Take the example of Karnataka, where too the BJP replaced a sitting CM, Yediyurappa with a relatively younger Basavaraj Bommai. Incidentally, Bommai joined the BJP only in 2008 from the Janata Dal. Karnataka’s political dynamics did not give the BJP or Modi the latitude for a Gandhinagar-like revamp. The BJP legislature party survives on the mercy of 17 defectors from the Congress and the Janata Dal (Secular) or JD-S; some of them came in because of Yediyurappa but his departure did not push any of them out because they had all bargained for ministries.
In the end, Bommai retained 23 ministers from the previous regime in his 29-member ministerial council including controversial ones like B Sriramulu (identified with the Bellary mines) and K Sudhakar. He excluded committed Yediyurappa loyalists such as Rajugowda, Poornima Sreenivas and MP Renukacharya as well as a deputy CM, Laxman Savadi, who Yediyurappa inducted despite him being caught watching a porno clip on his phone in the assembly. Of the Congress-JD-S renegades, 10 became ministers. The Karnataka composition reflected the limitations of the “no-repeat” formula. A party would have to be exceptionally strong to enforce it at will.
So too in Assam where the BJP returned after the last elections, with a new CM, Himanta Biswa Sarma. Even Sarma, purportedly the lord and master of all he surveys in the north-east, had to be mindful of a host of factors while making his ministry. He could bring in only six new faces in the 13-member cabinet and retain seven from the Sarbananda Sonowal period. Allies like the Asom Gana Parishad and the United People’s Party Liberal had to be accommodated besides which regional parity had to be maintained. These circumstances tied Sarma’s hands.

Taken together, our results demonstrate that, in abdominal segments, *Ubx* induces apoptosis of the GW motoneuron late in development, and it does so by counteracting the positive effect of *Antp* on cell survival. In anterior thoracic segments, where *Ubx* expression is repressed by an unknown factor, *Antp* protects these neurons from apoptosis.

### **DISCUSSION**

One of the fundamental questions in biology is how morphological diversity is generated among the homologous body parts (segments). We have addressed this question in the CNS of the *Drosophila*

While the CMs of Uttarakhand, another poll-bound state, were changed twice, the real test of the “no-repeat” concept will be seen when candidates are short-listed. The BJP swept the 2017 elections, winning 57 of the 70 seats. But a recent internal survey revealed that at least 20 of the MLAs were “unpopular” in their constituencies and could be axed. With this BJP-ruled state seating and unseating three CMs, it is clear that no state leader will be allowed to have the last word in nominating candidates. The central command will have the final say.
Uttar Pradesh is another ball game. If the chief minister, Yogi Adityanath, a law unto himself, can have his way, he would not repeat most of the sitting MLAs. They were not selected by him because he was not the declared CM candidate before the 2017 elections. Having consolidated his hold over the government since then, there is no way that Modi or Amit Shah, the home minister, can ignore Adityanath’s interventions in the crucial process of drawing up candidates. He has his apparatuses that run parallel to the BJP organisation, so it is likely that in the face of competition from Adityanath, many of the BJP’s incumbent MLAs might not be re-nominated.
As a textbook notion, no-repeat might sound good; in practice, political exigencies curtail its application even in Modi-ruled BJP.